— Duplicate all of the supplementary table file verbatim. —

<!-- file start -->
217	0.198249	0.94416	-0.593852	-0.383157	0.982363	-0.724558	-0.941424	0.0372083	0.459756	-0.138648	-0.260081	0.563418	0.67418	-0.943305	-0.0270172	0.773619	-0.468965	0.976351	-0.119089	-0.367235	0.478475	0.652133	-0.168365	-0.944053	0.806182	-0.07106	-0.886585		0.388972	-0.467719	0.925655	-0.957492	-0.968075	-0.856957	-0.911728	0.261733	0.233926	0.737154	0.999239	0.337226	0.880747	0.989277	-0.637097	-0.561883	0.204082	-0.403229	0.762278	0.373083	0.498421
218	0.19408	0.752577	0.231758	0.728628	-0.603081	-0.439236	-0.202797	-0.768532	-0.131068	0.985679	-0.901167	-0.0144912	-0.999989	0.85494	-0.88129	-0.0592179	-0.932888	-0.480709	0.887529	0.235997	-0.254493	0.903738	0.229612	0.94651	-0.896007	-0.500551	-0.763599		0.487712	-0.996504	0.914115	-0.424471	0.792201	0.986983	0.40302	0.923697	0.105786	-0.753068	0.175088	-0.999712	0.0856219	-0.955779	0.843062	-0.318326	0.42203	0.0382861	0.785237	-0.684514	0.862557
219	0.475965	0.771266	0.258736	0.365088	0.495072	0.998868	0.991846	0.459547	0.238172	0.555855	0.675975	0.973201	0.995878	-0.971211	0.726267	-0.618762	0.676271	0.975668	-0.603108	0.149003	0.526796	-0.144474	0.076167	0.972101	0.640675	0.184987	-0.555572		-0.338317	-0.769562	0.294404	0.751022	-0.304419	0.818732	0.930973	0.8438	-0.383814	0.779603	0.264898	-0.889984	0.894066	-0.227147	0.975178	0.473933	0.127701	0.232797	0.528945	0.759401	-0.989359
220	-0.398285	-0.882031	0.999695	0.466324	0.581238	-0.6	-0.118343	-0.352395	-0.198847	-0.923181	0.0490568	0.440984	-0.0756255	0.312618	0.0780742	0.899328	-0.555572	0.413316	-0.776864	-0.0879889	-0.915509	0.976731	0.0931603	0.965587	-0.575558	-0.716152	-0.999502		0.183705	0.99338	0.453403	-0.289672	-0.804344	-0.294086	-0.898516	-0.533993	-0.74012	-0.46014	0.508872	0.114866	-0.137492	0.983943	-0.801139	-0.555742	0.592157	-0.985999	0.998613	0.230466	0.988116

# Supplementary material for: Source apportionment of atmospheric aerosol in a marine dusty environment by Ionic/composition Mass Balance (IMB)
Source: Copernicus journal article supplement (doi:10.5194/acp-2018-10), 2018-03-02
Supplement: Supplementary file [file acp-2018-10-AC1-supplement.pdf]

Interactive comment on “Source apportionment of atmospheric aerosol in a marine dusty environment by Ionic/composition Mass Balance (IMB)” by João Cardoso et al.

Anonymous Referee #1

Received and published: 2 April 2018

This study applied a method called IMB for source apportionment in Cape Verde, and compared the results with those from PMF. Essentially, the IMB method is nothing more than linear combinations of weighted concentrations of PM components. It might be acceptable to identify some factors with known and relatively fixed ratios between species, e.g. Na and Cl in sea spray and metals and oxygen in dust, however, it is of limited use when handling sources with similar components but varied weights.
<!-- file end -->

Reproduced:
217	0.198249	0.94416	-0.593852	-0.383157	0.982363	-0.724558	-0.941424	0.0372083	0.459756	-0.138648	-0.260081	0.563418	0.67418	-0.943305	-0.0270172	0.773619	-0.468965	0.976351	-0.119089	-0.367235	0.478475	0.652133	-0.168365	-0.944053	0.806182	-0.07106	-0.886585		0.388972	-0.467719	0.925655	-0.957492	-0.968075	-0.856957	-0.911728	0.261733	0.233926	0.737154	0.999239	0.337226	0.880747	0.989277	-0.637097	-0.561883	0.204082	-0.403229	0.762278	0.373083	0.498421
218	0.19408	0.752577	0.231758	0.728628	-0.603081	-0.439236	-0.202797	-0.768532	-0.131068	0.985679	-0.901167	-0.0144912	-0.999989	0.85494	-0.88129	-0.0592179	-0.932888	-0.480709	0.887529	0.235997	-0.254493	0.903738	0.229612	0.94651	-0.896007	-0.500551	-0.763599		0.487712	-0.996504	0.914115	-0.424471	0.792201	0.986983	0.40302	0.923697	0.105786	-0.753068	0.175088	-0.999712	0.0856219	-0.955779	0.843062	-0.318326	0.42203	0.0382861	0.785237	-0.684514	0.862557
219	0.475965	0.771266	0.258736	0.365088	0.495072	0.998868	0.991846	0.459547	0.238172	0.555855	0.675975	0.973201	0.995878	-0.971211	0.726267	-0.618762	0.676271	0.975668	-0.603108	0.149003	0.526796	-0.144474	0.076167	0.972101	0.640675	0.184987	-0.555572		-0.338317	-0.769562	0.294404	0.751022	-0.304419	0.818732	0.930973	0.8438	-0.383814	0.779603	0.264898	-0.889984	0.894066	-0.227147	0.975178	0.473933	0.127701	0.232797	0.528945	0.759401	-0.989359
220	-0.398285	-0.882031	0.999695	0.466324	0.581238	-0.6	-0.118343	-0.352395	-0.198847	-0.923181	0.0490568	0.440984	-0.0756255	0.312618	0.0780742	0.899328	-0.555572	0.413316	-0.776864	-0.0879889	-0.915509	0.976731	0.0931603	0.965587	-0.575558	-0.716152	-0.999502		0.183705	0.99338	0.453403	-0.289672	-0.804344	-0.294086	-0.898516	-0.533993	-0.74012	-0.46014	0.508872	0.114866	-0.137492	0.983943	-0.801139	-0.555742	0.592157	-0.985999	0.998613	0.230466	0.988116

# Supplementary material for: Source apportionment of atmospheric aerosol in a marine dusty environment by Ionic/composition Mass Balance (IMB)
Source: Copernicus journal article supplement (doi:10.5194/acp-2018-10), 2018-03-02
Supplement: Supplementary file [file acp-2018-10-AC1-supplement.pdf]

Interactive comment on “Source apportionment of atmospheric aerosol in a marine dusty environment by Ionic/composition Mass Balance (IMB)” by João Cardoso et al.

Anonymous Referee #1

Received and published: 2 April 2018

This study applied a method called IMB for source apportionment in Cape Verde, and compared the results with those from PMF. Essentially, the IMB method is nothing more than linear combinations of weighted concentrations of PM components. It might be acceptable to identify some factors with known and relatively fixed ratios between species, e.g. Na and Cl in sea spray and metals and oxygen in dust, however, it is of limited use when handling sources with similar components but varied weights.